Zombie Apocalypse Now: Survival

The air was blurry-wet
when the undead arrived,

a director with his crew,
the red-eyed camera

trained on us,
ready to gobble up

our Vietnam War-fresh brains
for their American art.

We didn’t have lines,
we were “extras.”

We’d survived a war
to be cast into the margins

of our own story.
They say that cameras

steal your souls.
Sometimes, they do.

Sometimes, they pay
minimum wage

which is more
per hour

than I earned
an entire year

working as an apprentice
to a tailor.

Perhaps, three months pregnant
& not showing,

I threw myself
onto the dirt

again & again,

to be shot
in the back.

To the viewer,
I was dead.

I felt dead.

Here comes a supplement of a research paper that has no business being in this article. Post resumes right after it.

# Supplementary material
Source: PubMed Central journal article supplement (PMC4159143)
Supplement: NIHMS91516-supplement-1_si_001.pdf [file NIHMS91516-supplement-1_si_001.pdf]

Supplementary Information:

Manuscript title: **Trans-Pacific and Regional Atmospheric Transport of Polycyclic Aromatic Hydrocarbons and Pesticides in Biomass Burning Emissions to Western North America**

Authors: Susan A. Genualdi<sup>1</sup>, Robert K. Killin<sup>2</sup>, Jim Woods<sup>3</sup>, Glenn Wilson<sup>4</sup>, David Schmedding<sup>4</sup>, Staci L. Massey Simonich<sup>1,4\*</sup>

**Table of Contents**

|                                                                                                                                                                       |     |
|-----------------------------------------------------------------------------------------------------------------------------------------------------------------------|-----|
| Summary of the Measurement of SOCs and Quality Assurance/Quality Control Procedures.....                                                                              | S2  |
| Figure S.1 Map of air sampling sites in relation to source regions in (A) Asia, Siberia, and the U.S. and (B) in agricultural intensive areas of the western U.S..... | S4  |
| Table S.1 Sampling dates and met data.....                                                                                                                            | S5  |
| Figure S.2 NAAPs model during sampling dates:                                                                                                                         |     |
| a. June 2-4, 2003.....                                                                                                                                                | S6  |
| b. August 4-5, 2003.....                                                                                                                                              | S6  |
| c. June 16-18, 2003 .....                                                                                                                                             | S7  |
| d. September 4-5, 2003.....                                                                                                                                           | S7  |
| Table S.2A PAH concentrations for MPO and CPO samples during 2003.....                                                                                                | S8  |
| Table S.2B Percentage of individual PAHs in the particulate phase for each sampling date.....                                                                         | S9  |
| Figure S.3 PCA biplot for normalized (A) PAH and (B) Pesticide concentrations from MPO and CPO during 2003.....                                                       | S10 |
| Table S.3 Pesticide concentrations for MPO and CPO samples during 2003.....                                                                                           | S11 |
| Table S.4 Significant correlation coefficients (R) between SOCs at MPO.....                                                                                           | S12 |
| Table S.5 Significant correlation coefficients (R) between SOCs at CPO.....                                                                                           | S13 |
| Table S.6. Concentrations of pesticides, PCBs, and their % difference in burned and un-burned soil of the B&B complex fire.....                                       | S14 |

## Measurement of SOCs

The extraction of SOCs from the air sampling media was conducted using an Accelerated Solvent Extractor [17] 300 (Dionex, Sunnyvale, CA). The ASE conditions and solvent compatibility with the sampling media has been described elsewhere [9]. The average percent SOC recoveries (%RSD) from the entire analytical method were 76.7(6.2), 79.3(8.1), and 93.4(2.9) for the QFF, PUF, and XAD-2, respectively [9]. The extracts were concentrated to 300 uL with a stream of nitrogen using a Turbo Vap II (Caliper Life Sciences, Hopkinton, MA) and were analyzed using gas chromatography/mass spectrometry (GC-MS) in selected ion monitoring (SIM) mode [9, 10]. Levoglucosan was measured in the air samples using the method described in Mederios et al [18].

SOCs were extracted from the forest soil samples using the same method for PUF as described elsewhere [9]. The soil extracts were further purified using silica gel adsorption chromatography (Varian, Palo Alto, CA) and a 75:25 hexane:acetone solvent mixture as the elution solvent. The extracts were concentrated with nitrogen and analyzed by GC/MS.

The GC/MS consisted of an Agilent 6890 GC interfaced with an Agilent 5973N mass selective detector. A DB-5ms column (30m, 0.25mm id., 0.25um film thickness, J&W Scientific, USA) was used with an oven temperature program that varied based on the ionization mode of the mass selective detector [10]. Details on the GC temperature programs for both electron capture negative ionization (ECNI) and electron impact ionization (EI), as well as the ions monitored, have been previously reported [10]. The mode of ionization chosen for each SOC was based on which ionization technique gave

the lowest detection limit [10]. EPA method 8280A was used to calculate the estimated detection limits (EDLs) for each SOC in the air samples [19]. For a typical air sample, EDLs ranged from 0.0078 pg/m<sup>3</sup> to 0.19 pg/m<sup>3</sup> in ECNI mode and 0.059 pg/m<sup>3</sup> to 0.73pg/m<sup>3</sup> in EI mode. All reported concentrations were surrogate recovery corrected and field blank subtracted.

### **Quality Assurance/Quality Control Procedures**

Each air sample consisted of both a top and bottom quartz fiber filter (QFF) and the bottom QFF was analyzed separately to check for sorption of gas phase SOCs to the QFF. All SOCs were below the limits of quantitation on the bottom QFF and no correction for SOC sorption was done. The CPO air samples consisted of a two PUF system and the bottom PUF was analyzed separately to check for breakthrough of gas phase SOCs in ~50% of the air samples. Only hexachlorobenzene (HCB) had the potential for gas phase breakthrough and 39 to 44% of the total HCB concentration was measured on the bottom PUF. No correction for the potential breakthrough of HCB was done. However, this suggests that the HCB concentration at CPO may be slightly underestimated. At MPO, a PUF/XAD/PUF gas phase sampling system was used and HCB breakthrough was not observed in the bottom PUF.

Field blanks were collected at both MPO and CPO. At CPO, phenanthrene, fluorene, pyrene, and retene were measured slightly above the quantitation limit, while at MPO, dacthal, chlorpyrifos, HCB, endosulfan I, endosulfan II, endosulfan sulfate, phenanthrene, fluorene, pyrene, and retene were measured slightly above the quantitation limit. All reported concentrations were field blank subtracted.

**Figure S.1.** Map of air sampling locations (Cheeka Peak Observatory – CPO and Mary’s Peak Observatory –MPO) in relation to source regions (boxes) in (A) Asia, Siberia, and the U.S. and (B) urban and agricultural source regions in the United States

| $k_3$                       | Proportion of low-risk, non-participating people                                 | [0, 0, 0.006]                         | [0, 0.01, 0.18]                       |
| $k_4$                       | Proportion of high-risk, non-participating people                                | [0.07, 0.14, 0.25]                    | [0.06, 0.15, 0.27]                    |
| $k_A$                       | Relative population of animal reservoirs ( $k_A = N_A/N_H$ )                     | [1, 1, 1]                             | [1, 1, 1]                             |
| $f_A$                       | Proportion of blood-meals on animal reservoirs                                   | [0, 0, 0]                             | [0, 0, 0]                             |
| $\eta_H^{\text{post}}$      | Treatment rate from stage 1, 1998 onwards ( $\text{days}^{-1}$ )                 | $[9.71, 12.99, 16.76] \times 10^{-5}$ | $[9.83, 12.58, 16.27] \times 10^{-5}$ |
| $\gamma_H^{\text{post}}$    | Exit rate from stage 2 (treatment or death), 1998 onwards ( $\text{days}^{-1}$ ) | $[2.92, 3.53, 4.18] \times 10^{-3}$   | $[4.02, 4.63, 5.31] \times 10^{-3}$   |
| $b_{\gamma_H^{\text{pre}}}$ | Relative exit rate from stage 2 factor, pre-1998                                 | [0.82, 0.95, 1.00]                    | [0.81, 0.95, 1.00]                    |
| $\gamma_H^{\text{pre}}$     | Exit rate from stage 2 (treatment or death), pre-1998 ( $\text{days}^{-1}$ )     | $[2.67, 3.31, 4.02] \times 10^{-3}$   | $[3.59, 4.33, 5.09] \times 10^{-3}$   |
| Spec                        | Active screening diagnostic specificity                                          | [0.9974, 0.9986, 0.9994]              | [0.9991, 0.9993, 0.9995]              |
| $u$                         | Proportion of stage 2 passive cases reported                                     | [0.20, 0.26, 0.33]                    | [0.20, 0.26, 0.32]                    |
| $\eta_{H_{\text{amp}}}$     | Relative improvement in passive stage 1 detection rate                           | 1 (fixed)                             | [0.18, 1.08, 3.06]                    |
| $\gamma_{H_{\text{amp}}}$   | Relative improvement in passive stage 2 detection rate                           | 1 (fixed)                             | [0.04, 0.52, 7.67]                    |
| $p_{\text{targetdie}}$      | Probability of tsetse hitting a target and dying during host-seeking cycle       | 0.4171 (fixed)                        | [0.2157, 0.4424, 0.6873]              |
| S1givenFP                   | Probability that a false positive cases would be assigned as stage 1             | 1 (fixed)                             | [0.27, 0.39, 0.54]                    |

My lover

left me behind
for Paris

with his real wife
& his newborn son

christened Philip
for the Philippines,

the country where
he was born—

in Mandaluyong,
in a refugee camp

just north
of Manila.

The palms grow verdant,
in thick clumps

over the gun-gray river.
In this fertile air,

everything shoots up.
The movie men

planted rigging
into the ground—

so much napalm
faked: it looked

just like
the real thing. 

—Cathy Linh Che (Blackbird)